Thanks for your efforts, Bob

I have started writing this column on Saturday evening. The sky is now full of bright diamonds that have hidden the space station’s bright evening star.
Two loons are calling to each other. One is right in front of the cabin; the answering loon is off in the distance. They seem to be talking as their plaintive voices are heard in the evening.
I expect that Paul Martin will call the election on Sunday. The indications are all there. Advertising agencies from Montreal, acting on behalf of Elections Canada, have called and made arrangements to publish ads on Tuesday, with cancellation notices arriving concurrently in case the prime minister gets cold feet.
It is unlikely.
Locally, the candidates who all reside in Thunder Bay have been making appearances in anticipation of the election.
Bob Nault, our current sitting MP, is putting in his final days in Ottawa. While Bob and I often differed on issues, he worked to the best of his abilities to represent Kenora-Rainy River.
I remember meeting Bob in the airport in Thunder Bay last Thanksgiving Day. He was on the way to Kenora, having cut short the weekend with his wife and children in Ottawa.
Our talk was about his job as minister of Indians and Northern Affairs. It was a job that he was enjoying immensely. He had grown a lot in the position and over the years that he held the portfolio.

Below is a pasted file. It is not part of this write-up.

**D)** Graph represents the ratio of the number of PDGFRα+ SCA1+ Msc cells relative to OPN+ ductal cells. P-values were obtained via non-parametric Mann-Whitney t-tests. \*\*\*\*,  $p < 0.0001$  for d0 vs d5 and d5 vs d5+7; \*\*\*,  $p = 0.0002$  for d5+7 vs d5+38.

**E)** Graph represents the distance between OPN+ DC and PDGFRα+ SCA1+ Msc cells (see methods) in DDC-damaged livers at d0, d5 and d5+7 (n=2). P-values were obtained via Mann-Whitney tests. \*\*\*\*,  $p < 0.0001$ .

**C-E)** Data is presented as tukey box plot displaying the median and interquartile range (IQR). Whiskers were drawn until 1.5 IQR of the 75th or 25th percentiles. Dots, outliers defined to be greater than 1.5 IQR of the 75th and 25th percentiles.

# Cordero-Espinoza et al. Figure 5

He was still the same confident, young person who came to the polls in 1988 to wrest the riding back from John Parry, but he now was more understanding of Canada, its peoples, their differences and their similarities.
The conversation grew around to where Marnie and I were coming from. We had spent the weekend with our sons, who were both away at university for the first time.
Our family had enjoyed Thanksgiving dinner at Marnie’s mother’s home with her brothers and their families. It was a first time that Marnie’s mother and family had all sat down to a Thanksgiving meal since everyone had left home.
Bob was headed for a series of meetings in the riding. Our talk grew around to the time he had to spend away from his children. He told me how he planned his day every day in Ottawa to be home when the children arrived from school.
He set meeting times so that he was home at breakfast. It often must have driven his aides crazy that he worked to have his family a key part of his life.
But even with all that planning, he still was on the road more than 40 weekends a year. And as minister, he travelled the country from Nunavut to the Pacific to the Atlantic—often mostly through the week.
And somewhere in the conversation, he let on that he had to find more time to spend with his family.
When Bob first announced he was going to seek another term, I was surprised. When he reconsidered and stepped aside, I wondered if the conversation in the Thunder Bay airport, and his feeling of a need to spend more time with his family than that permitted of a politician, were the final decision.
I have watched Bob on RoBTV on Sunday morning doing political commentary. It gives him weekends at home and I’m certain that he won’t miss the next five weeks of intense scrutiny.
I also am certain that he can look forward to spending more time at the cottage this summer as he begins a new career.
Thanks, Bob, for the time you have given to the citizens of Kenora-Rainy River. Good luck in your new career.

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